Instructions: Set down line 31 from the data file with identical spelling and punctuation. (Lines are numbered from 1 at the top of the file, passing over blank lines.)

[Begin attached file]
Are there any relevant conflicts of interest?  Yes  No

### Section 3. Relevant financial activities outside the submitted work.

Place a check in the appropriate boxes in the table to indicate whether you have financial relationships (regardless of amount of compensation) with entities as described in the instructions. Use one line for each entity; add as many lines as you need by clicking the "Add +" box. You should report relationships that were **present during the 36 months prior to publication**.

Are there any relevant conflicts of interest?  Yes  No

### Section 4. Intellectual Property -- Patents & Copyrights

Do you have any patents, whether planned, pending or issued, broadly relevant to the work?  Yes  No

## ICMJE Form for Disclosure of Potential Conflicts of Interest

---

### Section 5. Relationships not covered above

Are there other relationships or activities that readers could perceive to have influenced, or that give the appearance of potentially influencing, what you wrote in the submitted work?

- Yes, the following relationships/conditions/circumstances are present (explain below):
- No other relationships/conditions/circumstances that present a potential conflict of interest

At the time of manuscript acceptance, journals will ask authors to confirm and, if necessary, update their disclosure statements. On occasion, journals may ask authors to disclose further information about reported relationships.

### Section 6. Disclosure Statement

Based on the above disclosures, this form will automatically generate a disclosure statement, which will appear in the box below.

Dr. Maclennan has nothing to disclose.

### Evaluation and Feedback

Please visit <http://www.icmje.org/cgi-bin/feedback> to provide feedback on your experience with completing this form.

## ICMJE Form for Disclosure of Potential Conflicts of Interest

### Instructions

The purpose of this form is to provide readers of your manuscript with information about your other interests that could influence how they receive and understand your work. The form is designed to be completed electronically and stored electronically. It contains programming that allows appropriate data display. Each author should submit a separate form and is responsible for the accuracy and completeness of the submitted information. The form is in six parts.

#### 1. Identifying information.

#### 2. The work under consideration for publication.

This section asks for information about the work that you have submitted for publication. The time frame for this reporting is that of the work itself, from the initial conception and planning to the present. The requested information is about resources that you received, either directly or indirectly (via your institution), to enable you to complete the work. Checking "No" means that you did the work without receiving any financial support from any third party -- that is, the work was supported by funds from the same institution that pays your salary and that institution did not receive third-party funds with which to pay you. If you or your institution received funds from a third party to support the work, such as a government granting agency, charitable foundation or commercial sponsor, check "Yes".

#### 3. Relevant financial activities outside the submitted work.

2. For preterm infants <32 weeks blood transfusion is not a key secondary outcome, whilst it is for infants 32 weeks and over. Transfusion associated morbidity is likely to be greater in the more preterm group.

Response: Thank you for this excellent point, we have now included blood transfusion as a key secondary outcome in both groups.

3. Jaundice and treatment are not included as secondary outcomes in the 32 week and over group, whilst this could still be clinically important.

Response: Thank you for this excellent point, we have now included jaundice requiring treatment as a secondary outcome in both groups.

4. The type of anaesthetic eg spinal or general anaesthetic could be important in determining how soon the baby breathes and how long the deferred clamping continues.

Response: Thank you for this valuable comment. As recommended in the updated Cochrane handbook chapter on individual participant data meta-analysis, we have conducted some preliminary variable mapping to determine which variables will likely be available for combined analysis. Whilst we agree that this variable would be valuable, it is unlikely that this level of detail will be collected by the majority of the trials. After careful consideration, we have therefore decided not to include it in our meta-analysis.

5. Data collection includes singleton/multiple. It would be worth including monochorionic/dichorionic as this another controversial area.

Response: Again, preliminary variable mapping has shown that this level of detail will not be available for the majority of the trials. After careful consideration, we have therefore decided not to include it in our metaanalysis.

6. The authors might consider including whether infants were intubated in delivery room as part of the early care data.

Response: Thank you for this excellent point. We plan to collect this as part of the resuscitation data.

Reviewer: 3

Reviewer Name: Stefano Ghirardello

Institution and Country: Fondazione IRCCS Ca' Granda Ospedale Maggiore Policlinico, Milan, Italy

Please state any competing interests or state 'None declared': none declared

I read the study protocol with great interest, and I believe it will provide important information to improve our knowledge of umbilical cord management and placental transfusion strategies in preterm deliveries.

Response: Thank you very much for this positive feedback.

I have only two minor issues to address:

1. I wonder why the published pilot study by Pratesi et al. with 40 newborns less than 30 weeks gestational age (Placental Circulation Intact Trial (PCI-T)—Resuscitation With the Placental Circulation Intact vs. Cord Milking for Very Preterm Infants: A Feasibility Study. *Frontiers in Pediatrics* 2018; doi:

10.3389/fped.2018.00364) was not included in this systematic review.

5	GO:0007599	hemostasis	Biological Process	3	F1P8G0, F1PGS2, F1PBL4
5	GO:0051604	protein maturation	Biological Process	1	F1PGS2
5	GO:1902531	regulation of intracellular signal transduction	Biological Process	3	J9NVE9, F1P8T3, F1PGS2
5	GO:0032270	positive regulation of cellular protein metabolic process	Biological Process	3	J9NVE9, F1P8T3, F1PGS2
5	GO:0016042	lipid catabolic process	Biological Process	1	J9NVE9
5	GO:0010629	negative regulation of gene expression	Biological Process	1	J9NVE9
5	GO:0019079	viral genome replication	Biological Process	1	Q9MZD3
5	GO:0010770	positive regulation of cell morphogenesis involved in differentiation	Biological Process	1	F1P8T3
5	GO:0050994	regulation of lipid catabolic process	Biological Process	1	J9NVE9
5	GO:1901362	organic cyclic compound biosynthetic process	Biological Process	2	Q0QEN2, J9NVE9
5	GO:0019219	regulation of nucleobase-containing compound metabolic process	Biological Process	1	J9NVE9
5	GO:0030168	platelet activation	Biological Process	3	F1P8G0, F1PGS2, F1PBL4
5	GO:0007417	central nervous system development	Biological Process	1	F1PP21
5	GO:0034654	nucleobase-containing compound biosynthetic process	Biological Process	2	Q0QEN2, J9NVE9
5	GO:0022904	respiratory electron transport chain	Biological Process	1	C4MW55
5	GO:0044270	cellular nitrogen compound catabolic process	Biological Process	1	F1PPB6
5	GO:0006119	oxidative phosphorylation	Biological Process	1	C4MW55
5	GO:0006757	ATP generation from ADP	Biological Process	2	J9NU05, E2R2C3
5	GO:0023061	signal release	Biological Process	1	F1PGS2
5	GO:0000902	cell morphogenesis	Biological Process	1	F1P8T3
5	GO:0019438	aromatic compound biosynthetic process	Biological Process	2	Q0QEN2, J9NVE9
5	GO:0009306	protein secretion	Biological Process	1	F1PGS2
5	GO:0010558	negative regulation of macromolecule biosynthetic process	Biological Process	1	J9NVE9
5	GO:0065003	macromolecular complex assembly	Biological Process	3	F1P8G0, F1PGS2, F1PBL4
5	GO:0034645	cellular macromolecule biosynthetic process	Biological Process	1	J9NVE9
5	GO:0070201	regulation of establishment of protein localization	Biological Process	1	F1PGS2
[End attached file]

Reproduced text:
Response: Thank you for this valuable comment. As recommended in the updated Cochrane handbook chapter on individual participant data meta-analysis, we have conducted some preliminary variable mapping to determine which variables will likely be available for combined analysis. Whilst we agree that this variable would be valuable, it is unlikely that this level of detail will be collected by the majority of the trials. After careful consideration, we have therefore decided not to include it in our meta-analysis.